For starters, overgrazing. While grazing itself can be positive for biodiversity, the ‘over’ part is not quite. And with the alarming increase in the number of grazing animals — especially so in the Western world — the negatives are overshadowing the positives. These negatives include soil damage arising from trampling, defecation, and defoliation. Overgrazing is considered the largest threat to soil biodiversity in grassland areas — as agriculture is one of the most intense forms of land use (all in all, 11% of global land is used in crop production).
Moreover, pesticides are still widely used in farming to help ward off unwanted intruders and pests from their crops. A pesticide is any substance or mixture of substances aimed at preventing, destroying, or mitigating pests. Pesticides are detrimental towards their target organisms, but their effects can also spread to other animals and organisms that weren’t the intended target.
Climate change’s effect on the biodiversity of our soil is hard to pin down because its effects are extremely varied across the globe — to the point of sometimes having the opposite effect relative to the environment it is in. For example, in the Mediterranean, warming can have detrimental effects on biodiversity, whereas in the tundra of the Arctic it may actually increase biodiversity. Several climate studies have been held that have shown various effects on the biodiversity of the soil. Temperature increases are extremely harmful to below-ground organisms, although it has also been found that the levels of water the soil had access to (which is affected by climate change) had a far great effect on the soil than climate change, CO2 and warming effects.
Many studies looking at the effects of climate change on soil biodiversity take place in Antarctica because of the ‘astonishing’ effects it has had there on the soil.
Just a reminder: fire is natural to many ecosystems. An integral part of them regarding their regenerative processes, even more. Most certainly, this does not include pyromania. And, willingly or not, humankind has been, ‘on fire’ in these regards, severely threatening biodiversity’s balance. Apart from igniting wildfires directly, human activity can also prime ecosystems for burning, making them vulnerable to fire. For example, plantations of fire-prone species, such as eucalyptus and pine, have replaced less fire-prone vegetation in many parts of the world. Poor regulation means large areas are susceptible to being burnt. Most certainly, the impact of fires on soil biodiversity depends on the intensity of the fire and the ability of the soil to withstand heat. Wildfires can also increase the vulnerability of the soil biodiversity to other threats, even if the fire has burnt out.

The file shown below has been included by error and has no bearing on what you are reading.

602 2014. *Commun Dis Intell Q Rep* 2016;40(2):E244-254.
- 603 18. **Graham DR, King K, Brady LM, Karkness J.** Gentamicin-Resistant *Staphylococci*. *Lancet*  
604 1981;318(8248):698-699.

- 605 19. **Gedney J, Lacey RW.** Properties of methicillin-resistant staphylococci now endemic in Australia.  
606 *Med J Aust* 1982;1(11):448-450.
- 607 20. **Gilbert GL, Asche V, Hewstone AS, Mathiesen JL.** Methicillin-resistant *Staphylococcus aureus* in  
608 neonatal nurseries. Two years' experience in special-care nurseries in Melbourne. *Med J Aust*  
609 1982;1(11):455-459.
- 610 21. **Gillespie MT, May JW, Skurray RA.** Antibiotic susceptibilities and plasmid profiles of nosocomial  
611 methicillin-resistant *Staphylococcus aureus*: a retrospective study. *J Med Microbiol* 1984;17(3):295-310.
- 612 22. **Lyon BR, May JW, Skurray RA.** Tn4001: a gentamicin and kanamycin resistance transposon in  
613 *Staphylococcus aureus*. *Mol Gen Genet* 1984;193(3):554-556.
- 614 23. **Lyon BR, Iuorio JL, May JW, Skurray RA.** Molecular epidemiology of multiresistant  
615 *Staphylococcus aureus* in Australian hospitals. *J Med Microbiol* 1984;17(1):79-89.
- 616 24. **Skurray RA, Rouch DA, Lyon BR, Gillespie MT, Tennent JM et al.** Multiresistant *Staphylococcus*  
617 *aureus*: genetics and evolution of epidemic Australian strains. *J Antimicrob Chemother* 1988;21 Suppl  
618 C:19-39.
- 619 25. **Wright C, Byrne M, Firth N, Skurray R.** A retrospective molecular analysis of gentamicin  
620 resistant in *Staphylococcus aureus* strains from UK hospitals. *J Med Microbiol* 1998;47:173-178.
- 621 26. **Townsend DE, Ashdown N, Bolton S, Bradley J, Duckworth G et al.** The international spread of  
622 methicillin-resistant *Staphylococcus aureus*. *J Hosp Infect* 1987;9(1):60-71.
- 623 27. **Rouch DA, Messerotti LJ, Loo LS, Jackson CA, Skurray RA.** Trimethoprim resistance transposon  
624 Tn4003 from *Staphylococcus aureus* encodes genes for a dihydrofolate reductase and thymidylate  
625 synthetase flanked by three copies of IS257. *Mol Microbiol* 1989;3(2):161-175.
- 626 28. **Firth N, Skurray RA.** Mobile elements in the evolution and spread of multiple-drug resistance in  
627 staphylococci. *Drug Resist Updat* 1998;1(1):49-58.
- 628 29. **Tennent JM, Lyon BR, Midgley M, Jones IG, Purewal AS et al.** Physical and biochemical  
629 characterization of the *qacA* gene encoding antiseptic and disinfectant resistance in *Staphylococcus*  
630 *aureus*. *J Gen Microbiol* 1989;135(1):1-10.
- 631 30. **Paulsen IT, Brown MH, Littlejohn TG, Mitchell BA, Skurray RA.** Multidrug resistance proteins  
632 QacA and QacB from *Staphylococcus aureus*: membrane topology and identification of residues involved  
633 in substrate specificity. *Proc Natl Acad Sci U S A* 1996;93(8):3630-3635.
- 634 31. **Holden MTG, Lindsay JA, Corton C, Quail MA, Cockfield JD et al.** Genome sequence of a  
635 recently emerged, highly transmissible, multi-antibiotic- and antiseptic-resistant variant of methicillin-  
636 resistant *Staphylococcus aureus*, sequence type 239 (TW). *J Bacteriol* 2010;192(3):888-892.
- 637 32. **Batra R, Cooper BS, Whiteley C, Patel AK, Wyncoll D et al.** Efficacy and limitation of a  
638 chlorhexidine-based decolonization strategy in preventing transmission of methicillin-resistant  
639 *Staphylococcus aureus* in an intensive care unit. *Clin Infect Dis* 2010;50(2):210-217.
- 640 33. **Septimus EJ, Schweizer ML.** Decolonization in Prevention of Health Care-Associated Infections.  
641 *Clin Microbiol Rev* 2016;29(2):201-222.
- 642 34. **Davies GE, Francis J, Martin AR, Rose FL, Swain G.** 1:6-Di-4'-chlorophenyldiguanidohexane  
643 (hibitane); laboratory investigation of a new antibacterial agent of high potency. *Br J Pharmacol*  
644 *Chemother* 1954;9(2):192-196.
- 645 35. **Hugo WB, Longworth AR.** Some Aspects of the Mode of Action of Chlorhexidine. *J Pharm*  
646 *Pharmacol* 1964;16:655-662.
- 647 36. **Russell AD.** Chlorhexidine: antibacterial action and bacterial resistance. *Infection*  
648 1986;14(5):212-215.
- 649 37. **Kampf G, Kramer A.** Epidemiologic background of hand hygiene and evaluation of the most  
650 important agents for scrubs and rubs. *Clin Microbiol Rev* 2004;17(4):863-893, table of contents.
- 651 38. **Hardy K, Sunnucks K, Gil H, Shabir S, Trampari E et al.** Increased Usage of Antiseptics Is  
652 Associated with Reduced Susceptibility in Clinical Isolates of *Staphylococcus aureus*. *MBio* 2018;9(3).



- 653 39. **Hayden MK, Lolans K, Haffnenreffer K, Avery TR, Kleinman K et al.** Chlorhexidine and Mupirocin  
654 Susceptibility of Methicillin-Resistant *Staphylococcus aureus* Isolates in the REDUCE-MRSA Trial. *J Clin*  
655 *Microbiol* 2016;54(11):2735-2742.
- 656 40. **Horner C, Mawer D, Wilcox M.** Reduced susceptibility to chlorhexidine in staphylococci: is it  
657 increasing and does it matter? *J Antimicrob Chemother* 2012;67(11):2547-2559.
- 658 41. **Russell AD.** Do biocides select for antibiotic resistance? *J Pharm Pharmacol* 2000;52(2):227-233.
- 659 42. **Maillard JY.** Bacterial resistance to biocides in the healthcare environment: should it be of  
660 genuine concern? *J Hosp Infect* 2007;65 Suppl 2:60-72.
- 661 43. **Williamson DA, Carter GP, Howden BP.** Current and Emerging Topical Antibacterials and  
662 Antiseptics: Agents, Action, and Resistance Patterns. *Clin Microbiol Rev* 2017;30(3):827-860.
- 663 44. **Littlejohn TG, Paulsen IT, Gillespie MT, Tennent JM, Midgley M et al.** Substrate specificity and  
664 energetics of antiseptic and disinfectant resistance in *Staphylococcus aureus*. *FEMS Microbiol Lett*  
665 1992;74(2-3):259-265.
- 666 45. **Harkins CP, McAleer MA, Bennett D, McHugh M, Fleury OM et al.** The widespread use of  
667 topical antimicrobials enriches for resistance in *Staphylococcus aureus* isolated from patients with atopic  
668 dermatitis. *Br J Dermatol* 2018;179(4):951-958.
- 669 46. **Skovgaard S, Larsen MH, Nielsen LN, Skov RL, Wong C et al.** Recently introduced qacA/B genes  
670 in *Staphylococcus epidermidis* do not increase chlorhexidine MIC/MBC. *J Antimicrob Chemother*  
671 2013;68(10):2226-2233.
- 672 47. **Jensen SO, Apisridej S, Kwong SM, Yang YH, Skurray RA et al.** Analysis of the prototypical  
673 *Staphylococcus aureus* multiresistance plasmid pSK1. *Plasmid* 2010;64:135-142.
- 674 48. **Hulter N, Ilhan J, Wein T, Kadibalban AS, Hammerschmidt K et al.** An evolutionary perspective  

Arguably the greatest destroyer of soil biodiversity, its causes vary greatly and often there is more than one factor involved in land degradation. Overgrazing, human activities, and climate change are just some of those factors. Many fragile ecosystems have succumbed to land degradation because of a phenomenon known as desertification. Droughts and floods — increasing in number because of climate change — accelerate the process, resulting in permanent damage to the biodiversity.
The scale of the challenge
When looking through this list, it is easy to notice a reoccurring theme. Many of the threats to soil biodiversity are not a concern on their own. Instead, through overuse or simply to meet our demands, we have put strains on nature unlike anything seen before. This, in turn, has led to many natural cycles and processes to become harmful to biodiversity. Fires and grazing are an example of this as, through our unsustainable practices, we have pushed well past the ‘allowed’ limits, thus causing destruction in our wake.
The immensity of the damage is only further put into perspective when considering that the list we have given is very abbreviated and simplified. Our sustained growth across the Earth will not be able to continue without greener practices. However, as many billions of people living across the developing world aspire to reach the same levels as the developed world, they will require vaster amounts of access to resources. Therefore, the challenge is to create a sustainable environment where the developed world can reduce its impact and help the developing world — without compromising the need for sustainable effects on our biodiversity. Finally, there is the fact that vast damage has already been done, and much more of our soil has already been condemned, even if we were to change our ways immediately.
The scale of the challenge is hard to put into words; the threats alone facing biodiversity are enough to bring nightmares. Only through global co-operation and a sustained, driven campaign by all stakeholders, can we begin to overcome and reduce the enormity of the task at hand. It will take many years and we will have many bumps and frustrations down the road. However, to fail our soil is to collapse the buildings of life. In other words, failure is not an option.